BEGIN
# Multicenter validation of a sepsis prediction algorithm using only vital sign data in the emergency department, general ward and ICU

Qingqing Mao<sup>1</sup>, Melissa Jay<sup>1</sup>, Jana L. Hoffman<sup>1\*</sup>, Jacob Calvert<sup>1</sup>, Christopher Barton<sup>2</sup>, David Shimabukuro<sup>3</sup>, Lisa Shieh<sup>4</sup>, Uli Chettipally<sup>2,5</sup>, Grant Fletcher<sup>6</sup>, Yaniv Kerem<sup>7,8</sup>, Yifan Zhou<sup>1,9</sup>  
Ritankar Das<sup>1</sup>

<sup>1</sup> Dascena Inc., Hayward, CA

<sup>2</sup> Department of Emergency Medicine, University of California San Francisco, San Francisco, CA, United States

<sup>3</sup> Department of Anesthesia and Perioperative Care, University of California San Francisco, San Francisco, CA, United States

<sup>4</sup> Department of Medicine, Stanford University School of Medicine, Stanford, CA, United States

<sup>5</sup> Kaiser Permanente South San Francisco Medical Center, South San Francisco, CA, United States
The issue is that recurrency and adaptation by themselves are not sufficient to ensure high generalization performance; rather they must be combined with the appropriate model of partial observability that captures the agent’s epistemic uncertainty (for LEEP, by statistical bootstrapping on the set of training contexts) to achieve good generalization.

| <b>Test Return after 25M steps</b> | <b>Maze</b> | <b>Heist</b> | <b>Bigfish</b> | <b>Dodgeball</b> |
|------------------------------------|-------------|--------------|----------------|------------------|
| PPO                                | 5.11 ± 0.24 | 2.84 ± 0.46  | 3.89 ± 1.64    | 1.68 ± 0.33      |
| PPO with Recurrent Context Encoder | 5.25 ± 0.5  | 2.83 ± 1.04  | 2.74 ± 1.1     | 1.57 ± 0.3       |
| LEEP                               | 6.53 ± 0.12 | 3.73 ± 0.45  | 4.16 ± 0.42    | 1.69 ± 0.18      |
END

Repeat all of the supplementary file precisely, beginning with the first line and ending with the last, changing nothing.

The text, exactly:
# Multicenter validation of a sepsis prediction algorithm using only vital sign data in the emergency department, general ward and ICU

Qingqing Mao<sup>1</sup>, Melissa Jay<sup>1</sup>, Jana L. Hoffman<sup>1\*</sup>, Jacob Calvert<sup>1</sup>, Christopher Barton<sup>2</sup>, David Shimabukuro<sup>3</sup>, Lisa Shieh<sup>4</sup>, Uli Chettipally<sup>2,5</sup>, Grant Fletcher<sup>6</sup>, Yaniv Kerem<sup>7,8</sup>, Yifan Zhou<sup>1,9</sup>  
Ritankar Das<sup>1</sup>

<sup>1</sup> Dascena Inc., Hayward, CA

<sup>2</sup> Department of Emergency Medicine, University of California San Francisco, San Francisco, CA, United States

<sup>3</sup> Department of Anesthesia and Perioperative Care, University of California San Francisco, San Francisco, CA, United States

<sup>4</sup> Department of Medicine, Stanford University School of Medicine, Stanford, CA, United States

<sup>5</sup> Kaiser Permanente South San Francisco Medical Center, South San Francisco, CA, United States
The issue is that recurrency and adaptation by themselves are not sufficient to ensure high generalization performance; rather they must be combined with the appropriate model of partial observability that captures the agent’s epistemic uncertainty (for LEEP, by statistical bootstrapping on the set of training contexts) to achieve good generalization.

| <b>Test Return after 25M steps</b> | <b>Maze</b> | <b>Heist</b> | <b>Bigfish</b> | <b>Dodgeball</b> |
|------------------------------------|-------------|--------------|----------------|------------------|
| PPO                                | 5.11 ± 0.24 | 2.84 ± 0.46  | 3.89 ± 1.64    | 1.68 ± 0.33      |
| PPO with Recurrent Context Encoder | 5.25 ± 0.5  | 2.83 ± 1.04  | 2.74 ± 1.1     | 1.57 ± 0.3       |
| LEEP                               | 6.53 ± 0.12 | 3.73 ± 0.45  | 4.16 ± 0.42    | 1.69 ± 0.18      |